The University of Sheffield will develop a novel centre – the first of its kind in Europe – to lead the research, innovation and testing of sustainable aviation fuels.
The Sustainable Aviation Fuels Innovation Centre (SAF-IC), which is part of the University’s Energy Institute, will deliver world-leading, advanced facilities to assess, verify and deploy new sustainable aviation fuels.
Development of a ‘clearing house’
Through collaborative funding between the European Regional Development Fund and the University of Sheffield, the centre will be situated at the University of Sheffield Innovation District and will behave as a ‘clearing house’ with resources to assess and validate fuels. SAF-IC will be the first centre in Europe to acquire CO₂, generate green hydrogen, transform them into sustainable aviation fuels and evaluate their performance in one location.
Currently, a clearing house is recognised as the missing link that will aid the manufacturers of sustainable aviation fuels with bringing their products to market. Having a facility with these resources in the UK will speed up regulatory authorisations of new fuels and give the UK certification capabilities.
SAF-IC will act as a development hub for the research and scaling-up of sustainable aviation fuels, delivering laboratory and testing space on top of coordination and networking facilities.
The facility will operate alongside the adjacent Translational Energy Research Centre, which is a national pilot-scale testing facility, also part of the University of Sheffield, that has been designed to support advanced research and offer necessary testing capabilities to assist the development of sustainable aviation fuels for commercial use.
Cutting the UK’s carbon emissions with sustainable aviation fuels
Sustainable aviation fuels are crucial to decreasing Britain’s carbon emissions. In the UK, the aviation sector is accountable for almost 7% of the country’s overall carbon emissions, and this number is steadily increasing. However, aviation’s dependence on fossil fuels presents a challenge in achieving decarbonisation in the industry.
While it is anticipated that novel technologies will propel planes in the future, at the moment, it is broadly considered that the most optimal way to assist the industry with its decarbonisation effort is to replace fossil fuels with fuels comprised of sustainable materials, like agricultural waste and waste oils. Producing sustainable aviation fuels that are a feasible commercial alternative for the aviation industry may decrease the UK’s emissions in 2050 by 32%.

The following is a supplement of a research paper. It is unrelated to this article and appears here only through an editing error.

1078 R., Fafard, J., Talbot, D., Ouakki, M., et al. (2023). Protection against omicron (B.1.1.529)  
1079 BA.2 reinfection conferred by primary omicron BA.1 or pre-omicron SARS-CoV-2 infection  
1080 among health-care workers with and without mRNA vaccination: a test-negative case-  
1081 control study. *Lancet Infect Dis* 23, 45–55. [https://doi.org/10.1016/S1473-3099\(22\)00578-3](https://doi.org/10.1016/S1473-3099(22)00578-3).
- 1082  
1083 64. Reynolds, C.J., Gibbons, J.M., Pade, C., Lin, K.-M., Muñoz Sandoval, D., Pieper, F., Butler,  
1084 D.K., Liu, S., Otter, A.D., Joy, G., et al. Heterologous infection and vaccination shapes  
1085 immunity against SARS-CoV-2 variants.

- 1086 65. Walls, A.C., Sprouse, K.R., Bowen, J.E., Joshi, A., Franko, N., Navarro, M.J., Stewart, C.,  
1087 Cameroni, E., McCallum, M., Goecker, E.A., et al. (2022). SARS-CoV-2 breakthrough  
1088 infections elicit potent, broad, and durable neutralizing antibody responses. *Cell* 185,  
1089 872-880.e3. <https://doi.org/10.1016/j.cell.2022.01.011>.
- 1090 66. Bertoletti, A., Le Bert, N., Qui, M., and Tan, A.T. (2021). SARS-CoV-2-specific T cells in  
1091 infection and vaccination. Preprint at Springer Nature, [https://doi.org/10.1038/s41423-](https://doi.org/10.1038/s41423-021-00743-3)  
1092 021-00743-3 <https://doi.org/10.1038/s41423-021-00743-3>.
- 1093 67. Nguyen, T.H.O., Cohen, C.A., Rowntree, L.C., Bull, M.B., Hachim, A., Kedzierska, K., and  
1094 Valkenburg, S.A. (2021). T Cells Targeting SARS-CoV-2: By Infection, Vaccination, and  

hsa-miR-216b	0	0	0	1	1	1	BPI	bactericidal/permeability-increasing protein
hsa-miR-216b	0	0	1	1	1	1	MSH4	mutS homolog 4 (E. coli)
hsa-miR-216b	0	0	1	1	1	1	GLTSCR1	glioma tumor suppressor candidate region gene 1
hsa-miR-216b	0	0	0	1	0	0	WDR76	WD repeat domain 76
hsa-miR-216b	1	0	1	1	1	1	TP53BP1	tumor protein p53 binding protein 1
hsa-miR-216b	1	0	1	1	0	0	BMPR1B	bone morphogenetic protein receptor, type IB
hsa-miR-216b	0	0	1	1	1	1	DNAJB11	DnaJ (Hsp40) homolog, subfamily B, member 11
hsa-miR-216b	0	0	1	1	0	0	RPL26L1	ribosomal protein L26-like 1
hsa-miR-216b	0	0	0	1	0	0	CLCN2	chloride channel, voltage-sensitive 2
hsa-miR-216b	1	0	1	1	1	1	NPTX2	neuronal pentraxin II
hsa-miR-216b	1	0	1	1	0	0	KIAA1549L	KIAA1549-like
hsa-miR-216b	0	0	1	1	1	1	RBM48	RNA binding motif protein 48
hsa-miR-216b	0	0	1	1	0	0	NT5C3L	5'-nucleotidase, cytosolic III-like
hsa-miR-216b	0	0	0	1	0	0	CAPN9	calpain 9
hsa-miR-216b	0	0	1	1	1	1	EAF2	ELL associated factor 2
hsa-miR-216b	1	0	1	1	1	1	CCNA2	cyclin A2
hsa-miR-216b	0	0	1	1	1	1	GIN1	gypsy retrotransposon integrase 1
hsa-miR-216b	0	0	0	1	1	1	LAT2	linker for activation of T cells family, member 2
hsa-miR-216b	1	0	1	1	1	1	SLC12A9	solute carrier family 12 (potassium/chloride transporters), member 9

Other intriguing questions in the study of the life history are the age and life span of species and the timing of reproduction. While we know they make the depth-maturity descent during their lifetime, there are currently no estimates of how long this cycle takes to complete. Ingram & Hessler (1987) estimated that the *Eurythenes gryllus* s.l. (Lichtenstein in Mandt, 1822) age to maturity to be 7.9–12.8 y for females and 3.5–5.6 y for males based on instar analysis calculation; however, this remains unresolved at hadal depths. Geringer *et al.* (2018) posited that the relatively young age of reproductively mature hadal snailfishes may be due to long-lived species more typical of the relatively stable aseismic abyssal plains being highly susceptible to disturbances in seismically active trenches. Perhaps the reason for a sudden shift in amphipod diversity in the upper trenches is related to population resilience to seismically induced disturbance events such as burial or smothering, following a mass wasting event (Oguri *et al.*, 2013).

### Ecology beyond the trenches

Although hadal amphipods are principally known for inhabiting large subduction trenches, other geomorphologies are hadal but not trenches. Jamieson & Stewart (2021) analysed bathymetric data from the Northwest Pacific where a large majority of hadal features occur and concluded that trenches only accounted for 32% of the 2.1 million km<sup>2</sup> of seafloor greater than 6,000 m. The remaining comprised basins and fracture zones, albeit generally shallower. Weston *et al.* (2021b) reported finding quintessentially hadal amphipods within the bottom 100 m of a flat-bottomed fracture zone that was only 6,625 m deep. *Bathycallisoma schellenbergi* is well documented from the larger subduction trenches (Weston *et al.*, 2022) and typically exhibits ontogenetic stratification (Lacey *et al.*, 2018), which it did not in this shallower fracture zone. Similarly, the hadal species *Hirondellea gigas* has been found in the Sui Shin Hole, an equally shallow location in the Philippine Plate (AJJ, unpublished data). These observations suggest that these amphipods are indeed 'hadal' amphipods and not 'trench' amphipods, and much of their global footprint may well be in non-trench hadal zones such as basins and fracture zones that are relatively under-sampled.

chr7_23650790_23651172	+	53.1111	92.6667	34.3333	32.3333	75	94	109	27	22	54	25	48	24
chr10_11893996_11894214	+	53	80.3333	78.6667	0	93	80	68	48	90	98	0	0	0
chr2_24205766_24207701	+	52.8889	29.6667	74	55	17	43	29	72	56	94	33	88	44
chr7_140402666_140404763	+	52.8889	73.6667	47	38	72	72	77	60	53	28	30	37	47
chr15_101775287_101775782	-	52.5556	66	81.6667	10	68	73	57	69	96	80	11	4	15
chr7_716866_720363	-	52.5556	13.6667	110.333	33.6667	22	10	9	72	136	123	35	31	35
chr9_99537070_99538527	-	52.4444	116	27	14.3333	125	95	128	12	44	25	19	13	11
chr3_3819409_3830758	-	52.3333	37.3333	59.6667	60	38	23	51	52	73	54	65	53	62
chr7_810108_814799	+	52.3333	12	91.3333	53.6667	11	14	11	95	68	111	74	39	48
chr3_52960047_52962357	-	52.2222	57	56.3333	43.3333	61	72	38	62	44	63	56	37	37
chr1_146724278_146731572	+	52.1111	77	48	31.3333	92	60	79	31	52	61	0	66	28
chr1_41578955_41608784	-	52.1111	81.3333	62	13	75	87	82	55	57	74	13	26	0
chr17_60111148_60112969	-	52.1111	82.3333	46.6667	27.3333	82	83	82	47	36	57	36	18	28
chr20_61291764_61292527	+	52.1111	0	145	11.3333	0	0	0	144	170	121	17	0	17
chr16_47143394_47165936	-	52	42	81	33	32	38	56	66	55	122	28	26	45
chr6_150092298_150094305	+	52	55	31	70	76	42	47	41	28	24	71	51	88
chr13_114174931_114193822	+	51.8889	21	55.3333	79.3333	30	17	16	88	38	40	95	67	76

The UK government has recognised the significance of sustainable aviation by incorporating aspirations for ‘jet zero’ in its Ten Point Plan for a Green Industrial Revolution.
Driving forward sustainable innovation
Director of the University of Sheffield Energy Institute and Managing Director for the Sustainable Aviation Fuels Innovation Centre, Professor Mohamed Pourkashanian, commented: “We are extremely excited to be establishing this state-of-the-art innovation centre in the heart of the University of Sheffield Innovation District. SAF-IC will help the UK to determine the best pathways to net-zero aviation and play a crucial role nationally and internationally in delivering truly sustainable flight.
“One of the most unique and critical aspects of SAF-IC is that the centre will be the first of its kind to research fuels which are made without any fossil fuels in the process, including improving understanding of how we can use bioenergy with carbon capture and storage (BECCS) to make a negative emissions fuel.
“SAF-IC will enable businesses and academics to drive forward their research and technology at a swift pace thanks to its technical and clearing house abilities, allowing the nation to work in line with the targets set by the Department for Transport for net-zero emissions from aviation by 2050.”
The development of this novel centre has now started, and is expected to be fully operational by July 2022.